“But, this applies to any other group, too, which neutralizes your observation and as such doesn’t say anything useful about atheists in particular.”

      That would then also apply to the original observation that you made, since my personal observation was simply the same but about a different “many”.

      “Apart from that, the other obvious explanation for many atheists’ seemingly “aggressive” style is that they have to deal with a whole bag of irrational assumptions and claims that theists hold, right from the beginning.”

      That’s no different than the viewpoint from the other perspective. Which in my opinion is still a rationalization to be belligerent.

      “Theists often don’t understand that the burden of proof lies with them. Atheists are acutely aware that for this reason, the conversation/discussion/debate does not have a balanced basis.”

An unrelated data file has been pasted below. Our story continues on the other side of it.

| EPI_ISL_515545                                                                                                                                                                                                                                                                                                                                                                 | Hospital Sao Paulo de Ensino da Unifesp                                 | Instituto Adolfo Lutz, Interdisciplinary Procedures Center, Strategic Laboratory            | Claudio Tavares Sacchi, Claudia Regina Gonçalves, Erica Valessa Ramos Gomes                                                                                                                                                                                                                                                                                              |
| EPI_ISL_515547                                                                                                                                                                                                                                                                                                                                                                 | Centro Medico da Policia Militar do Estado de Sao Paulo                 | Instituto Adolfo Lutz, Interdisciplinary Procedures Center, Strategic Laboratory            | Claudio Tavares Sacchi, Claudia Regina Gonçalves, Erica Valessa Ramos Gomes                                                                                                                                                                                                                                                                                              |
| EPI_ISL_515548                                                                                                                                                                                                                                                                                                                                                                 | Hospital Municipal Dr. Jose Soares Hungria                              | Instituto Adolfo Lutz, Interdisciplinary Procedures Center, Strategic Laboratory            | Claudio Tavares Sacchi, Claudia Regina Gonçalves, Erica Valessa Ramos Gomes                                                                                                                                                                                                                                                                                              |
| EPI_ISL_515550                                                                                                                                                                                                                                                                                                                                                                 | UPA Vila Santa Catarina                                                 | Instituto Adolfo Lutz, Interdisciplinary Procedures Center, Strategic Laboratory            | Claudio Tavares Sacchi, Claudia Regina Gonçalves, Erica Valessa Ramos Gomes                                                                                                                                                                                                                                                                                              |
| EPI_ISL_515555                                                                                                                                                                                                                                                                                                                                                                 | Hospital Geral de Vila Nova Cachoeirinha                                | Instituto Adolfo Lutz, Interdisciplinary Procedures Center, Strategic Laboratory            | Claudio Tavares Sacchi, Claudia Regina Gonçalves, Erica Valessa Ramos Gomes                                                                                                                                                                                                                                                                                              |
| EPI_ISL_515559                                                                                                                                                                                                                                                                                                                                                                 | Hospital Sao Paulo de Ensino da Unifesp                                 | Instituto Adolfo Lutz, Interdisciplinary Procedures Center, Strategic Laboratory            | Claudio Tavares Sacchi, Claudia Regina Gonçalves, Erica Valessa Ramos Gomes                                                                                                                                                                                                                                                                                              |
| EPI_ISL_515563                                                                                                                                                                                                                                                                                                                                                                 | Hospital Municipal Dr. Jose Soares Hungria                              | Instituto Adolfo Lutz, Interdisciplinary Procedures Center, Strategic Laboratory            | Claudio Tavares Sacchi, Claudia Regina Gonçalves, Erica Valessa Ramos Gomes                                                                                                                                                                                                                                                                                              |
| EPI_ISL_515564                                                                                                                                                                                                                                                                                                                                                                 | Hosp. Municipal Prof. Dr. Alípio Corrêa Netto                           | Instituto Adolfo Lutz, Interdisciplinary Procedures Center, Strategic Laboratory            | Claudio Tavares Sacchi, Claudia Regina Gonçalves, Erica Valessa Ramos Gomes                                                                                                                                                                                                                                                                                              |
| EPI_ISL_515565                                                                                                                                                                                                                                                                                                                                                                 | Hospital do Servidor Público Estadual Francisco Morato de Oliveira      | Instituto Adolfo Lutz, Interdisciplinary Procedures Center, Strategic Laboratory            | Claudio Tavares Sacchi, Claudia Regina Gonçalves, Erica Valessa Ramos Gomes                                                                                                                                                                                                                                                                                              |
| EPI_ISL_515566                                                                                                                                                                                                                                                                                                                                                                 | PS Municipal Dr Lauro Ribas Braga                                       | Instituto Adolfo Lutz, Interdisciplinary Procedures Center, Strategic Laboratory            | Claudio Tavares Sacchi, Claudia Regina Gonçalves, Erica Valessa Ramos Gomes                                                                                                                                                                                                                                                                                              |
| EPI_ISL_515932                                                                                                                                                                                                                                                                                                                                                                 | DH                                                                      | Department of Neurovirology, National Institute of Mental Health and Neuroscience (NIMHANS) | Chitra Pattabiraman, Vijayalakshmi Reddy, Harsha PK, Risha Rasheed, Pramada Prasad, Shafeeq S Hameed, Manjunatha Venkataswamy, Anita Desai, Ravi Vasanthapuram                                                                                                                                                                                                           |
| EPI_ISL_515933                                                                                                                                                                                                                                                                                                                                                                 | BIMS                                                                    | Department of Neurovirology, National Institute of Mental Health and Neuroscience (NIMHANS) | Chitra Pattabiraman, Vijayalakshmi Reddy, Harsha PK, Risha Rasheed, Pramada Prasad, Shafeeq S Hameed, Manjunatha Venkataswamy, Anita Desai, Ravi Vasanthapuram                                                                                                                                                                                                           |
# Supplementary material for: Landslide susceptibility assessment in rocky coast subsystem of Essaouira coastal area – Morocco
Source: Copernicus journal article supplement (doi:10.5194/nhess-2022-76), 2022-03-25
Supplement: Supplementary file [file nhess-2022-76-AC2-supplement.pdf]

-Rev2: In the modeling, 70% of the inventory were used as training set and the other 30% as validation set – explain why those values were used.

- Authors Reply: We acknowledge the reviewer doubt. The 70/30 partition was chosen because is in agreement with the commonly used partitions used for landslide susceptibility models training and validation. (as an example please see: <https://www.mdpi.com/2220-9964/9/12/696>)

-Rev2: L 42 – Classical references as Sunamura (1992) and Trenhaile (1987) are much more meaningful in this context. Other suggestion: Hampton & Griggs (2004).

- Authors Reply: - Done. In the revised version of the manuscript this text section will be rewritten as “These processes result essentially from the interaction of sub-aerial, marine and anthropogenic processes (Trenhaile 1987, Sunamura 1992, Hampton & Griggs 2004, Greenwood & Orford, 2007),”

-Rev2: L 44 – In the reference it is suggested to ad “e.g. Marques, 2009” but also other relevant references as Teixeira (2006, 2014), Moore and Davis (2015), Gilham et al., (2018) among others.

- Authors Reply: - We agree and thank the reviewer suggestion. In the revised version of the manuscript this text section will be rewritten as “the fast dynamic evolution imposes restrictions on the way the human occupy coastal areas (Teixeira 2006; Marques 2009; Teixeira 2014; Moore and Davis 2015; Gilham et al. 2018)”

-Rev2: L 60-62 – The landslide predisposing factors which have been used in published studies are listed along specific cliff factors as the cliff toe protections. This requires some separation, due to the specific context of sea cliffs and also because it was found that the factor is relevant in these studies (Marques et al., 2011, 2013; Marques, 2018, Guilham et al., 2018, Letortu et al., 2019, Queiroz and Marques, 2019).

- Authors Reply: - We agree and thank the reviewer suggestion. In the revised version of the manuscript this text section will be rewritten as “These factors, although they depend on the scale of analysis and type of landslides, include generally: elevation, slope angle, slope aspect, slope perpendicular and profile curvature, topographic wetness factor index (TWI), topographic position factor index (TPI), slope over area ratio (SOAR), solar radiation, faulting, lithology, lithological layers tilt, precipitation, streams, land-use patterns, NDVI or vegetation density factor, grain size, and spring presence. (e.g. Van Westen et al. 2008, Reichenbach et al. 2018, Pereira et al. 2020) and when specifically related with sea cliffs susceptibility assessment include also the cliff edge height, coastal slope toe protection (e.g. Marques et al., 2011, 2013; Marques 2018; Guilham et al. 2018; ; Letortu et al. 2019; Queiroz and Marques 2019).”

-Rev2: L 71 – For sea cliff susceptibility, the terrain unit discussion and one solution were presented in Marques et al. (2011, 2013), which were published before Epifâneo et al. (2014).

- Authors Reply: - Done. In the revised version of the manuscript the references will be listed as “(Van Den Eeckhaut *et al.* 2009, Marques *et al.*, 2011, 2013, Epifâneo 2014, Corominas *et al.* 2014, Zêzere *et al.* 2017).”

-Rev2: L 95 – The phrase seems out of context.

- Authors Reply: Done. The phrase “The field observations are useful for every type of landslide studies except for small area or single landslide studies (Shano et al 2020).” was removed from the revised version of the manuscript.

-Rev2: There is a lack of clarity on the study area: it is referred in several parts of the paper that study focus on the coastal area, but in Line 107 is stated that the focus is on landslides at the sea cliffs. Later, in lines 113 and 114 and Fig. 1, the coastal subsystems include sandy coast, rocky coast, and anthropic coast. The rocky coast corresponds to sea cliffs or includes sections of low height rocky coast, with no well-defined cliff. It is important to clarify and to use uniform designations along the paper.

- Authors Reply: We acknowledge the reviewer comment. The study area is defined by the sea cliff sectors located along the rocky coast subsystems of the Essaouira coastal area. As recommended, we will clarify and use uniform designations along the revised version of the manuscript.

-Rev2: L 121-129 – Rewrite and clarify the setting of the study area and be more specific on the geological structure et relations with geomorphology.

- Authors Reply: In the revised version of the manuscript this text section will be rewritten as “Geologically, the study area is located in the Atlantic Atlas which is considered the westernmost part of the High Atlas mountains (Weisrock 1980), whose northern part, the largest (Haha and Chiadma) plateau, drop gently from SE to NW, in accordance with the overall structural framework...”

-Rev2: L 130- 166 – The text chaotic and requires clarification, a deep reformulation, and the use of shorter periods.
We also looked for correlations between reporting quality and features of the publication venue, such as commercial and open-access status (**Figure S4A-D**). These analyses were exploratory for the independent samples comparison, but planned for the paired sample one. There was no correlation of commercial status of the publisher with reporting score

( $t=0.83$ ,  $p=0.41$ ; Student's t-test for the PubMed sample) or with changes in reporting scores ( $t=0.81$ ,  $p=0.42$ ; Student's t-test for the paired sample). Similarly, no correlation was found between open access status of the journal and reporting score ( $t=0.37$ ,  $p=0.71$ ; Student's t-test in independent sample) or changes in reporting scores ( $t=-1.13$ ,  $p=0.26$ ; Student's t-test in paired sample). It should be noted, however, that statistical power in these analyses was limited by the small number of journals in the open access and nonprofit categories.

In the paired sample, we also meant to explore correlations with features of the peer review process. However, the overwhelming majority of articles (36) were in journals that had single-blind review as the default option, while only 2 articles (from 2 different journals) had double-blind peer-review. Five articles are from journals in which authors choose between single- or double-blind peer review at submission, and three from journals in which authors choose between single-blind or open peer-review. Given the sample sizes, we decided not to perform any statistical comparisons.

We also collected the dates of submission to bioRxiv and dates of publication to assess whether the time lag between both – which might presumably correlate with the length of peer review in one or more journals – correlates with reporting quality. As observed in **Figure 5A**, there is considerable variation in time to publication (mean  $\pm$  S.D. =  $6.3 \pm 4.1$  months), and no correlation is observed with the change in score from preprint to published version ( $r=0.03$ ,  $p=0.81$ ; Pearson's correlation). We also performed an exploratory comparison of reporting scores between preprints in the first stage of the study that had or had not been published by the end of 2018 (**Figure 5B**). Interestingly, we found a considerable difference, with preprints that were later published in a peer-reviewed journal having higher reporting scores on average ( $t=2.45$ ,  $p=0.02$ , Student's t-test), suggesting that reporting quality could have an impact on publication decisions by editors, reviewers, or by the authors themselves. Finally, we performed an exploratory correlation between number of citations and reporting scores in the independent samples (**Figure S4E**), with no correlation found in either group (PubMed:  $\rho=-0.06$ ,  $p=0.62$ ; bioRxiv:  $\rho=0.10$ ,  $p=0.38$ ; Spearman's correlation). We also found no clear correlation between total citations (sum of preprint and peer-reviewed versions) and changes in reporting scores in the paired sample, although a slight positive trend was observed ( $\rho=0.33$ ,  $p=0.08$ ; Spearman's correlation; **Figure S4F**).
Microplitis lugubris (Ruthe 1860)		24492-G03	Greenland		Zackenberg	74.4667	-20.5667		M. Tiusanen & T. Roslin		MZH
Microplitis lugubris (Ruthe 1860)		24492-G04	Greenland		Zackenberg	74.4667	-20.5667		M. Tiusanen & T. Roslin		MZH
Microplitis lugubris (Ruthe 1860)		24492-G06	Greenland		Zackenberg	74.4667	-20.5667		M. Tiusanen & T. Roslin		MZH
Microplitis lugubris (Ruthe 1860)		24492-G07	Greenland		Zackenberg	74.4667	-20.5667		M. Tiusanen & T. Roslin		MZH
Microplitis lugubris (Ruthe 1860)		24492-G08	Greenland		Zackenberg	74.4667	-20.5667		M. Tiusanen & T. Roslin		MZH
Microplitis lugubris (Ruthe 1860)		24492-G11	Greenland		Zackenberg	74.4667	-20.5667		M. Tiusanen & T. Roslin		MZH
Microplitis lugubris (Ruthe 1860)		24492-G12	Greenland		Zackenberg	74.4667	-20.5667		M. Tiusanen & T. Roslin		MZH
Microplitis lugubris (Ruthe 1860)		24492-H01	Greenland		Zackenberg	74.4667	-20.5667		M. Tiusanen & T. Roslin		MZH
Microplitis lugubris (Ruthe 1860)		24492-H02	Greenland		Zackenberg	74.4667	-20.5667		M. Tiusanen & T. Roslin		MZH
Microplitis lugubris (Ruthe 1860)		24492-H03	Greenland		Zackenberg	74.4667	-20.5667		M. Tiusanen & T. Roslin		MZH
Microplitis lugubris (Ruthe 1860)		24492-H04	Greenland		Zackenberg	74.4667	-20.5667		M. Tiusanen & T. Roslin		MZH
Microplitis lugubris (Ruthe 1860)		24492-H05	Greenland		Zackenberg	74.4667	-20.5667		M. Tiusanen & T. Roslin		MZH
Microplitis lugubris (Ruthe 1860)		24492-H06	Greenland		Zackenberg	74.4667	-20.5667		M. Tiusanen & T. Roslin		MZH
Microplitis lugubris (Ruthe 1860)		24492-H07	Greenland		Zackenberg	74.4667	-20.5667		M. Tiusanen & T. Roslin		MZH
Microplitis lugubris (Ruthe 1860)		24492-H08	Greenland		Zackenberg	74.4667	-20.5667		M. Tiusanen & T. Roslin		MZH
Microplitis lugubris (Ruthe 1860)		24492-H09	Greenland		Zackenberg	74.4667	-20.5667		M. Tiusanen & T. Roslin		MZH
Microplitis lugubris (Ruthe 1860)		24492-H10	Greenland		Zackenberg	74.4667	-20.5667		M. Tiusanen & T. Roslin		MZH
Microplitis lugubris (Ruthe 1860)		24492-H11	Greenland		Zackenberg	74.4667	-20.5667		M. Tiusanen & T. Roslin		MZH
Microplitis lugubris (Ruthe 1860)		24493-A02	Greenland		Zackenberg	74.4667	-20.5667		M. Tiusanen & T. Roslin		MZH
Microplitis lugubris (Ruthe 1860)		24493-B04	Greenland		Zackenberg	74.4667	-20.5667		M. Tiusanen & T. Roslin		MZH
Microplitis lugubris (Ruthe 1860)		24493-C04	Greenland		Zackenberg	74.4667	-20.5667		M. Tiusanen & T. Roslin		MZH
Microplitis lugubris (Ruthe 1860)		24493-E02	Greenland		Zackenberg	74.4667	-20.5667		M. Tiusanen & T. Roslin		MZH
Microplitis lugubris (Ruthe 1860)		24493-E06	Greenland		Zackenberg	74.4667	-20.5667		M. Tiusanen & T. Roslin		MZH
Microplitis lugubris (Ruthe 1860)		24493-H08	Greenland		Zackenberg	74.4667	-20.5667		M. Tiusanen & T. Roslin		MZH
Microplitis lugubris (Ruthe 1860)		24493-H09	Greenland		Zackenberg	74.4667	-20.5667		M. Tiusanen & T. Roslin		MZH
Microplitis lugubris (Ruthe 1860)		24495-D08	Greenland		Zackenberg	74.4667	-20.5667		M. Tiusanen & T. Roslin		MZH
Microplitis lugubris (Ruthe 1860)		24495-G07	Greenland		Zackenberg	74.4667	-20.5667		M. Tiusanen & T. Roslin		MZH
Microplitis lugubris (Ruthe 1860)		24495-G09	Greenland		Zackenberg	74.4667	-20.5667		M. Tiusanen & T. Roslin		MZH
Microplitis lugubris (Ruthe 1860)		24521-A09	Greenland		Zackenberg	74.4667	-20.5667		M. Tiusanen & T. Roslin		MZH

Even if generally true the majority of time, I fail to see how that logically justifies shedding the norms of civil discourse.

      “(that we’ve encountered a thousand times before and most of which have been debunked long ago).”

      Based on “your” judgement. My experience on the exchange of ideas with others is a pattern of debunking the debunks and having to correct the mischaracterizations that others believe to be accurate. We have to remember that people continue to be born and new people reach a level in their life where they want to debate and give their point of view on a variety of matters for a variety of reasons.

      “I understand that this display of unapologetic impatience with myths and unsubstantiated claims may come across as “militant”, especially to someone who’s used to living in a vacuum where their views about reality are usually never challenged in such a manner.”